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Untreated Trauma Can Ruin Lives

I am very grateful for the work that I do because it involves helping people deal with the many events and circumstances that effect their lives. Many children, youth and families would fall through the cracks without organizations like the Family Resource Association and other helping organizations that operate in most communities. One of the most consistent issues that we deal with is trauma. Sometimes we are involved while the trauma is occurring and at other times we are called upon to address the residual effects of trauma as individuals try to cope with their experiences.

Trauma can be psychological, emotional and/or physical. An individual can be traumatized from a single event or from long term repetitive damage to the psyche. One of the most debilitating effects of trauma is the reliving of traumatic memories. There are a number of events that can cause trauma but primarily it is an assault that overloads our ability to maintain a balanced response to life. For example, the death of a significant other can cause such shock and grief that an individual becomes completely overwhelmed. This feeling of being out of control can cause a string of symptoms that will compound the effects of the traumatic event. Sleep and eating patterns are affected. Individuals feel anxious and isolated. They may become confused or feel light headed and off balance. They are susceptible to illnesses and they may become depressed.

We know that sexual abuse, abandonment, neglect, psychological abuse, domestic violence and children witnessing violence, as well as physical attacks and bullying are common ways in which children and adults are traumatized. It can also happen to people who experience near death events such as a plane or car crash. Lately we have had a front row seat via the media to major natural disasters such as tsunami and earthquakes. Most of the people that we see milling around the streets after the big event are experiencing trauma. They are in shock and many are disoriented.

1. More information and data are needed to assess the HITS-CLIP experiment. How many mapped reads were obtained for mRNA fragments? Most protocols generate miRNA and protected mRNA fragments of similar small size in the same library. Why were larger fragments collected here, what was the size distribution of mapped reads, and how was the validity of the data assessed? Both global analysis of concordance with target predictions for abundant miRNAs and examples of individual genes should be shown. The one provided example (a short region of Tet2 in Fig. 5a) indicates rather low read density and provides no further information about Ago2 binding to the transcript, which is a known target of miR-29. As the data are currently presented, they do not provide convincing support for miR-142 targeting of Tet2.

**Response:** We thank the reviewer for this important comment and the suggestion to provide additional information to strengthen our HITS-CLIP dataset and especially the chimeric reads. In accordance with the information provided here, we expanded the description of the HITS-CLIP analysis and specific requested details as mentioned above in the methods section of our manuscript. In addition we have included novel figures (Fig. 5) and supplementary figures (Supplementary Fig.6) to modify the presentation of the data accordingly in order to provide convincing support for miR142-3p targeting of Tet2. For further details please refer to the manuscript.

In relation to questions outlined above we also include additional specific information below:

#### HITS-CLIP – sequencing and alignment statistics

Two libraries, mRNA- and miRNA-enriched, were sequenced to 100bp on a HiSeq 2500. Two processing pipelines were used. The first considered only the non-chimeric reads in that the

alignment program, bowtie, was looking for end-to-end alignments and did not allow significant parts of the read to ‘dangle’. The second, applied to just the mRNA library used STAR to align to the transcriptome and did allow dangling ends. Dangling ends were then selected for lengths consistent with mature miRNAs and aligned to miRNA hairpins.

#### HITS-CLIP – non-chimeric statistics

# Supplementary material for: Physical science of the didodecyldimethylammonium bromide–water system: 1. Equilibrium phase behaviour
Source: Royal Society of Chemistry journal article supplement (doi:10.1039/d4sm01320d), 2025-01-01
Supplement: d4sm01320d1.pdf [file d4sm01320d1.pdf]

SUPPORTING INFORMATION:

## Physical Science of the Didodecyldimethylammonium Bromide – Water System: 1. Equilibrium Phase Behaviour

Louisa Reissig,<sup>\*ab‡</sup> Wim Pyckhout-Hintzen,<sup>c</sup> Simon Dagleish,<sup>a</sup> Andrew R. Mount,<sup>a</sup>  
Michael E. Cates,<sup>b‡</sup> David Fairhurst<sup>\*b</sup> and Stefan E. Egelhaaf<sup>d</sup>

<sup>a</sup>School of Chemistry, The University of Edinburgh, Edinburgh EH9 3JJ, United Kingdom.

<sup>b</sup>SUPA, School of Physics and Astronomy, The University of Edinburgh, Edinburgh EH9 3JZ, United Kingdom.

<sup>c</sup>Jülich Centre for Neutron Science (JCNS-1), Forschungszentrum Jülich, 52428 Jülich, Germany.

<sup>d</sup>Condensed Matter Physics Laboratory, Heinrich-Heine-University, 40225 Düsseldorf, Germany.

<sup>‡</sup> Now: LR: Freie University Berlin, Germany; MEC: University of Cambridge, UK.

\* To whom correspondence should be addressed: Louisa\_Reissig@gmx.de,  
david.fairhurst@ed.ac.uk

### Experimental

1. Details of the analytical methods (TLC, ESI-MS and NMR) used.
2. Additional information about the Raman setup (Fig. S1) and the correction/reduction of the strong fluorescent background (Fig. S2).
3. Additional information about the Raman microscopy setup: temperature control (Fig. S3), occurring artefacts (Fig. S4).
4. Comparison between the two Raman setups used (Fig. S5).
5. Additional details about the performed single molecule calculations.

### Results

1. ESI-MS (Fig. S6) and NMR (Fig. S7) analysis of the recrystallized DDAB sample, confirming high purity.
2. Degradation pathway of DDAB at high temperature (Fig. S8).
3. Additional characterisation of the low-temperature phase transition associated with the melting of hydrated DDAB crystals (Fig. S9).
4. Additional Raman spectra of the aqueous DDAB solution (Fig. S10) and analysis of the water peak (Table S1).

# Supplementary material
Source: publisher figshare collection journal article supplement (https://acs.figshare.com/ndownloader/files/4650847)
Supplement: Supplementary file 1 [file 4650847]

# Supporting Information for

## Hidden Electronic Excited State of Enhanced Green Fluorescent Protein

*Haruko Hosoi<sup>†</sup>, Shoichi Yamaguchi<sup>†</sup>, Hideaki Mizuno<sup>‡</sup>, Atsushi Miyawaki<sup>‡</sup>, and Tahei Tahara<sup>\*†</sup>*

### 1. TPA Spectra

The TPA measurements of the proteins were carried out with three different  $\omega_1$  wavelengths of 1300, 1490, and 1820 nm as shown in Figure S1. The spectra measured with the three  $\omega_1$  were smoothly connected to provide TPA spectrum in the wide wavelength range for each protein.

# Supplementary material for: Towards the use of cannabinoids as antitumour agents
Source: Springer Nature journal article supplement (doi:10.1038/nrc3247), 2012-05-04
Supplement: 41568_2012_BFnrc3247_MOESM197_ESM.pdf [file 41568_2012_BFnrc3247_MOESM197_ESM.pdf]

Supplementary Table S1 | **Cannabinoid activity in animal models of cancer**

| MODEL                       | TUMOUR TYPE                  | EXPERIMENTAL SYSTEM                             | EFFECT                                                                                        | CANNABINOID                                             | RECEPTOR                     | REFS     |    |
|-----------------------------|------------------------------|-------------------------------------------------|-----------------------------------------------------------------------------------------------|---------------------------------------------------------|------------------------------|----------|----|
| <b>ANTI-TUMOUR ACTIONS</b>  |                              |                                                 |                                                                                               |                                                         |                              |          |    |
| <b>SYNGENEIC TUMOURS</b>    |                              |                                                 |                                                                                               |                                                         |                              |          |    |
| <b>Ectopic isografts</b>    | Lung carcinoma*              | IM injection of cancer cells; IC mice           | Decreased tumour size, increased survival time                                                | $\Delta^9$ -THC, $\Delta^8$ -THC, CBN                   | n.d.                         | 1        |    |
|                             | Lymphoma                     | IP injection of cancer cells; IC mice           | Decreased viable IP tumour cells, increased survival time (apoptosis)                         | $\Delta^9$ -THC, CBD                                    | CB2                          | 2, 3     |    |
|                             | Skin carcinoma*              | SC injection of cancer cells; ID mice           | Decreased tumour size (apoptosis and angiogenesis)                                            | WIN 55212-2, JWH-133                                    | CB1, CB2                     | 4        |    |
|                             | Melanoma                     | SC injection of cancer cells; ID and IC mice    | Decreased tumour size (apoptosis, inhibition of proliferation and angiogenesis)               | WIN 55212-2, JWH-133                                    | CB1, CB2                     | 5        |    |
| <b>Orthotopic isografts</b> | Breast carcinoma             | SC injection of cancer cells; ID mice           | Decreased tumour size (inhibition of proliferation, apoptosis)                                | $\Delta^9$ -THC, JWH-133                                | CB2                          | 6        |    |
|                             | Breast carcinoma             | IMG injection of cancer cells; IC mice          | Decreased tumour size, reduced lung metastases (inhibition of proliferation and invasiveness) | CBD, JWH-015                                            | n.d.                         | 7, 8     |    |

One of the interesting things about trauma is that not everyone reacts to an event in the same way so it is possible for one person to experience a situation that is completely traumatizing while another person, even a sibling, is not affected by the same experience.

Research seems to be clear that childhood trauma can lead to violent behaviour. There is no doubt that lives can be ruined by untreated trauma which seems to be insidious in its constant underlying influence over a lifetime. The good news is that trauma can be treated quite effectively through counselling and individuals can learn to move forward.

Next week the Family Resource Association, in partnership with the Mary Manning Centre in Victoria, is hosting a two day conference on complex trauma. The speakers are Dr. Martin Brokenleg, who has gained international attention for his revolutionary ideas about working with children and youth, and Yvonne Haist, who will speak on the neuroscience of trauma. Please contact FRA or go to our website: if you are interested in attending this event.


Deborah Joyce is the Executive Director of District 69 Family Resource Association serving children, youth and families in Oceanside. Contact her at 250 752 6766.